Wednesday, November 30, 2011

Home from the Hospital for the Holidays - 2010

According to the hospital’s records, I checked in on Thursday, October 28th, and was discharged on Monday, November 1st—call it five days and four nights. Psychically, however, it seemed much, much longer.  

Home, though, wasn’t what I remembered. It wasn’t that I was a “Stranger in a Strange Land”; it was that I was a “Stranger in a Familiar Land”.[1]
Well, what do you mean? I mean that the neighborhood hadn’t changed, the house hadn’t changed, and the weather hadn’t changed, but I had changed.

Under direction from the nurses, Barbara removed all the slippery “throw rugs” in the house, which would be like throwing a banana peel in front of Elmer Fud (if you don’t know who Elmer Fud is, ask somebody who watches too many cartoons).

Our first floor really-good-imitation leather chair became my base of operations. It had a sturdy footstool on which I could stack papers, rehab materials, and outdoorsy magazines.

Physically, I was still weak. I tired easily. And I wasn’t yet sleeping more than maybe two hours a night at a time.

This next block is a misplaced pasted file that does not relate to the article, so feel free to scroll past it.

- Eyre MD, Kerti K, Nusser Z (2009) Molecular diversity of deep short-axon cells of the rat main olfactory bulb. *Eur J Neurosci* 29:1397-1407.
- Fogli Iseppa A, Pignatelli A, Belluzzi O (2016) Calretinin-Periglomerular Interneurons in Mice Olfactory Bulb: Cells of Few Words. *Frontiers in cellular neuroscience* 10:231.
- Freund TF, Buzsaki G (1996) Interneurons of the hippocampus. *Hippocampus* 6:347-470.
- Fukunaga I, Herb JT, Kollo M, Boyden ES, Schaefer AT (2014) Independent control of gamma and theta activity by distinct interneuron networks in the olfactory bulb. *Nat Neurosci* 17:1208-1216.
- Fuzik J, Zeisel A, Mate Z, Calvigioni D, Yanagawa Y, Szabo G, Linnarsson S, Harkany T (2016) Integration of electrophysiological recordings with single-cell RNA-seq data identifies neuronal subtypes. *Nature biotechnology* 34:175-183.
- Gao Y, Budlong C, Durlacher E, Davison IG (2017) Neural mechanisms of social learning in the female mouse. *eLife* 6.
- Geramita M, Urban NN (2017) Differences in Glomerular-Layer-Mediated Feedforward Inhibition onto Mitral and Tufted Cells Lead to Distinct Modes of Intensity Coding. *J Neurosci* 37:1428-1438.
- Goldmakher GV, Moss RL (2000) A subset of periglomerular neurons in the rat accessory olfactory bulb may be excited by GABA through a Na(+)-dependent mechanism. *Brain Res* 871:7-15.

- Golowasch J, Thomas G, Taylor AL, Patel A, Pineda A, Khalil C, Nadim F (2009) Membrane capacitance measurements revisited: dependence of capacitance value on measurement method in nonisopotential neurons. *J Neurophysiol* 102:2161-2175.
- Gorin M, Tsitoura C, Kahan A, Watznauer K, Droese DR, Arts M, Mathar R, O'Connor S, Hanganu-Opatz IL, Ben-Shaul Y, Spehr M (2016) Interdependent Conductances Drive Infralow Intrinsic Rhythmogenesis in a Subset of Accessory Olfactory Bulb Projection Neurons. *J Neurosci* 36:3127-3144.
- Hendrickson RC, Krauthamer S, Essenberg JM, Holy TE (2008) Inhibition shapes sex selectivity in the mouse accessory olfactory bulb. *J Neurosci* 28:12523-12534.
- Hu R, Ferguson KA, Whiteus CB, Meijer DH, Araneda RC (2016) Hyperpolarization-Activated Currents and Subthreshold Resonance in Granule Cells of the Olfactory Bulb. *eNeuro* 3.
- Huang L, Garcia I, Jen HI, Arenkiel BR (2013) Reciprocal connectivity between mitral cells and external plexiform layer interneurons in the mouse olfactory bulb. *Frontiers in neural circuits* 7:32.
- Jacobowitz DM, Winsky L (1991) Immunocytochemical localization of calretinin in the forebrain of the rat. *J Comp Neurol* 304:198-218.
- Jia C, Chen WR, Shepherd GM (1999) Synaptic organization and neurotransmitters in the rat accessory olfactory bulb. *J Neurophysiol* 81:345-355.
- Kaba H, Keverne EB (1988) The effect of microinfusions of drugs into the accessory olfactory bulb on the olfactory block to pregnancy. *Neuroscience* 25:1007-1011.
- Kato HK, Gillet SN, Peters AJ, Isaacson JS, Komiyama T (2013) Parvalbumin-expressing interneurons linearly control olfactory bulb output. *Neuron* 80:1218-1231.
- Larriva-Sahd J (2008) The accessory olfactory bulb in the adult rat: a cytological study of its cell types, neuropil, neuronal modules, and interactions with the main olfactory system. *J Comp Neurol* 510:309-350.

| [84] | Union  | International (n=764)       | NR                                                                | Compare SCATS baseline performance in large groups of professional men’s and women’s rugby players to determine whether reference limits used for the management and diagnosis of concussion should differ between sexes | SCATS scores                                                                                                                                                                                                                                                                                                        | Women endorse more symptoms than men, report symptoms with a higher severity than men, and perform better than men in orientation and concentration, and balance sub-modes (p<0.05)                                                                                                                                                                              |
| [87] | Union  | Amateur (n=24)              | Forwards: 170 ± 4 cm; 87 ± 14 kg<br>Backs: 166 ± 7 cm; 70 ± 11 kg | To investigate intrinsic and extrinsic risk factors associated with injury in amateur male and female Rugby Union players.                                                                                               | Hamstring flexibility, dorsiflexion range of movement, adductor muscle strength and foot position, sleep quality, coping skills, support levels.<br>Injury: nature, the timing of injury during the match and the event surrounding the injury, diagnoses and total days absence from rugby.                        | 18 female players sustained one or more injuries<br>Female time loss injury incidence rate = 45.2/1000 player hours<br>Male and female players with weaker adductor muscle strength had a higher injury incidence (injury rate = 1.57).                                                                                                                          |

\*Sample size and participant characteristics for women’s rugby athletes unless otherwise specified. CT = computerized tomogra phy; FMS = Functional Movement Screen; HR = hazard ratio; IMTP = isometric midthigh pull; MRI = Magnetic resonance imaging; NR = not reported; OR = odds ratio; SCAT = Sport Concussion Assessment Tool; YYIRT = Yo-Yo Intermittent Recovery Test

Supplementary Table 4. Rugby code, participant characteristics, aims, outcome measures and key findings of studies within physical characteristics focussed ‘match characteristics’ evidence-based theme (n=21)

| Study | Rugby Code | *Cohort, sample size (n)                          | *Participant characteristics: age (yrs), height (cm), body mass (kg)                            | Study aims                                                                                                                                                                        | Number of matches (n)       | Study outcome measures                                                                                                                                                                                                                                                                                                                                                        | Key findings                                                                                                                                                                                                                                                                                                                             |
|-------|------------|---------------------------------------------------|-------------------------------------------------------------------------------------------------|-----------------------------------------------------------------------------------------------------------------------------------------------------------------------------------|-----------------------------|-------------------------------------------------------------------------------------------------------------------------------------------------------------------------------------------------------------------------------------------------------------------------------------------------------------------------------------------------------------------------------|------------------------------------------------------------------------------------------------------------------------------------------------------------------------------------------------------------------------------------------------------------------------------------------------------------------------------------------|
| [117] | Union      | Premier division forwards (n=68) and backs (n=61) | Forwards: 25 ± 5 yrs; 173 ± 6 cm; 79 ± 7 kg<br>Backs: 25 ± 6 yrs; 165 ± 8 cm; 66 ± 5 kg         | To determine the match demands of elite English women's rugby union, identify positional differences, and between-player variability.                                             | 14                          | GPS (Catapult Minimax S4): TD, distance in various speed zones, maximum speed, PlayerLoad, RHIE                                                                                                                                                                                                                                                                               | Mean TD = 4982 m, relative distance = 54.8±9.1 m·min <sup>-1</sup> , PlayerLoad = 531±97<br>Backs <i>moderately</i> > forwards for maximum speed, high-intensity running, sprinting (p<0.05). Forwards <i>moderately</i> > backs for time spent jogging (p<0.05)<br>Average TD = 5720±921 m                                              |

In some ways I could better see what I couldn’t see (if that makes any sense at all).  My right-eye peripheral vision, which before the operation was non-existent, had turned into a smooshed Monet painting. More specifically, through the right side of my right eye I could see a cacophony of colors. The colors changed with the scenery, but I couldn’t really see anything specific—like a waffle or a kitchen counter corner. While I was told that I hadn’t lost any brain cells affecting my vision, we all knew that they had just been “squashed” and entangled with the tumor[2].  While we hoped that I might regain my peripheral vision, there was also a chance that I might not.

Away from the comfort of the hospital, I was forced to consider my future.  It seemed uncertain, especially early on when I was still learning how to walk without curling my foot.

Giving myself a status report, I told myself that on the positive side:
1.    I was alive.
2.    My family loved me and was unbelievably helpful.
3.    Unlike many other brain tumor victims, I could talk, walk (well, sorta) and read.

On the negative side:
1.    My eyesight was crappy.
2.    I was physically and emotionally fragile.
3.    I was certain that my brain wasn’t quite using all four cylinders.
4.    And I had a “bit of Blob” left in me (“Blob” was my name for the tumor).

To be continued by “Can You read?/Post-Operation Friend & Family Reactions”

[1] If you hadn’t read this award-winning science fiction novel, go to your nearest library and check out a copy.
[2] This was how my sister referred to the situation.  I appreciated the fact that she didn’t describe this to me with medical accuracy and, instead, talked to me in terms I could understand.

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